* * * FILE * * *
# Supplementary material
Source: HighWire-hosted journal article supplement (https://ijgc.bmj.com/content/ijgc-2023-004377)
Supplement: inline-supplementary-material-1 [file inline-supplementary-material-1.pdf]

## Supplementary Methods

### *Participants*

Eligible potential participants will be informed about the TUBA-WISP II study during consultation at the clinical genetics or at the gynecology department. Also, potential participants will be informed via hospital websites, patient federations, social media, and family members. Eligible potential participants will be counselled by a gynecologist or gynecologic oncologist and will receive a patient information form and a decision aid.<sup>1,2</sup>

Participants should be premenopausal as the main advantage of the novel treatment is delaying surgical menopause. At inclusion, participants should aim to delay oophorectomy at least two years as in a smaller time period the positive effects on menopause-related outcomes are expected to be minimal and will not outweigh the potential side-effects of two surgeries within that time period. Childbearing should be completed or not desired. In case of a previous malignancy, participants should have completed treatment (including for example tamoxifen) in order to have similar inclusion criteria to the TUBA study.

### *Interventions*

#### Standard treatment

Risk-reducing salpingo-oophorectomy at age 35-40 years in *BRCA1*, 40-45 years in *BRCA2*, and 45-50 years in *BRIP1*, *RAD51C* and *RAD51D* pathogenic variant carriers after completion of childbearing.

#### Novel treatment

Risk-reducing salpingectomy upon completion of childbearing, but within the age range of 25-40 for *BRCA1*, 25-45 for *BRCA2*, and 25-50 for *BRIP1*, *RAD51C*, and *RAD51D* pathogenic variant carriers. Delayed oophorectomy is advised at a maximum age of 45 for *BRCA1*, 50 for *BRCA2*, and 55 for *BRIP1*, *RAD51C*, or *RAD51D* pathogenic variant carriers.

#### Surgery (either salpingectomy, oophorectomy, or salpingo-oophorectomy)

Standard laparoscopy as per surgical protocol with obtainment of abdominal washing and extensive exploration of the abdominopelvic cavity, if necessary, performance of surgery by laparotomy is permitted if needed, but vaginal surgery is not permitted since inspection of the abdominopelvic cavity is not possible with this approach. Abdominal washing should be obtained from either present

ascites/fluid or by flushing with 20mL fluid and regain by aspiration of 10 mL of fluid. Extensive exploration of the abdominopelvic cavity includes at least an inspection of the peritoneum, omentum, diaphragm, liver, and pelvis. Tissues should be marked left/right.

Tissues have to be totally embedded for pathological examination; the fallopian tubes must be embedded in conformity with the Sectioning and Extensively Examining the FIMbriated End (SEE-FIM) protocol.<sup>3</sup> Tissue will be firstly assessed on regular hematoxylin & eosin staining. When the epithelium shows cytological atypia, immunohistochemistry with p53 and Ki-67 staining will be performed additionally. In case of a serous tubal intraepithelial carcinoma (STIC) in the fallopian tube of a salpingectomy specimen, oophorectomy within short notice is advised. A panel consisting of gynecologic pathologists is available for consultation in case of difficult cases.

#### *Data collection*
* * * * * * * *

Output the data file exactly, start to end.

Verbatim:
# Supplementary material
Source: HighWire-hosted journal article supplement (https://ijgc.bmj.com/content/ijgc-2023-004377)
Supplement: inline-supplementary-material-1 [file inline-supplementary-material-1.pdf]

## Supplementary Methods

### *Participants*

Eligible potential participants will be informed about the TUBA-WISP II study during consultation at the clinical genetics or at the gynecology department. Also, potential participants will be informed via hospital websites, patient federations, social media, and family members. Eligible potential participants will be counselled by a gynecologist or gynecologic oncologist and will receive a patient information form and a decision aid.<sup>1,2</sup>

Participants should be premenopausal as the main advantage of the novel treatment is delaying surgical menopause. At inclusion, participants should aim to delay oophorectomy at least two years as in a smaller time period the positive effects on menopause-related outcomes are expected to be minimal and will not outweigh the potential side-effects of two surgeries within that time period. Childbearing should be completed or not desired. In case of a previous malignancy, participants should have completed treatment (including for example tamoxifen) in order to have similar inclusion criteria to the TUBA study.

### *Interventions*

#### Standard treatment

Risk-reducing salpingo-oophorectomy at age 35-40 years in *BRCA1*, 40-45 years in *BRCA2*, and 45-50 years in *BRIP1*, *RAD51C* and *RAD51D* pathogenic variant carriers after completion of childbearing.

#### Novel treatment

Risk-reducing salpingectomy upon completion of childbearing, but within the age range of 25-40 for *BRCA1*, 25-45 for *BRCA2*, and 25-50 for *BRIP1*, *RAD51C*, and *RAD51D* pathogenic variant carriers. Delayed oophorectomy is advised at a maximum age of 45 for *BRCA1*, 50 for *BRCA2*, and 55 for *BRIP1*, *RAD51C*, or *RAD51D* pathogenic variant carriers.

#### Surgery (either salpingectomy, oophorectomy, or salpingo-oophorectomy)

Standard laparoscopy as per surgical protocol with obtainment of abdominal washing and extensive exploration of the abdominopelvic cavity, if necessary, performance of surgery by laparotomy is permitted if needed, but vaginal surgery is not permitted since inspection of the abdominopelvic cavity is not possible with this approach. Abdominal washing should be obtained from either present

ascites/fluid or by flushing with 20mL fluid and regain by aspiration of 10 mL of fluid. Extensive exploration of the abdominopelvic cavity includes at least an inspection of the peritoneum, omentum, diaphragm, liver, and pelvis. Tissues should be marked left/right.

Tissues have to be totally embedded for pathological examination; the fallopian tubes must be embedded in conformity with the Sectioning and Extensively Examining the FIMbriated End (SEE-FIM) protocol.<sup>3</sup> Tissue will be firstly assessed on regular hematoxylin & eosin staining. When the epithelium shows cytological atypia, immunohistochemistry with p53 and Ki-67 staining will be performed additionally. In case of a serous tubal intraepithelial carcinoma (STIC) in the fallopian tube of a salpingectomy specimen, oophorectomy within short notice is advised. A panel consisting of gynecologic pathologists is available for consultation in case of difficult cases.

#### *Data collection*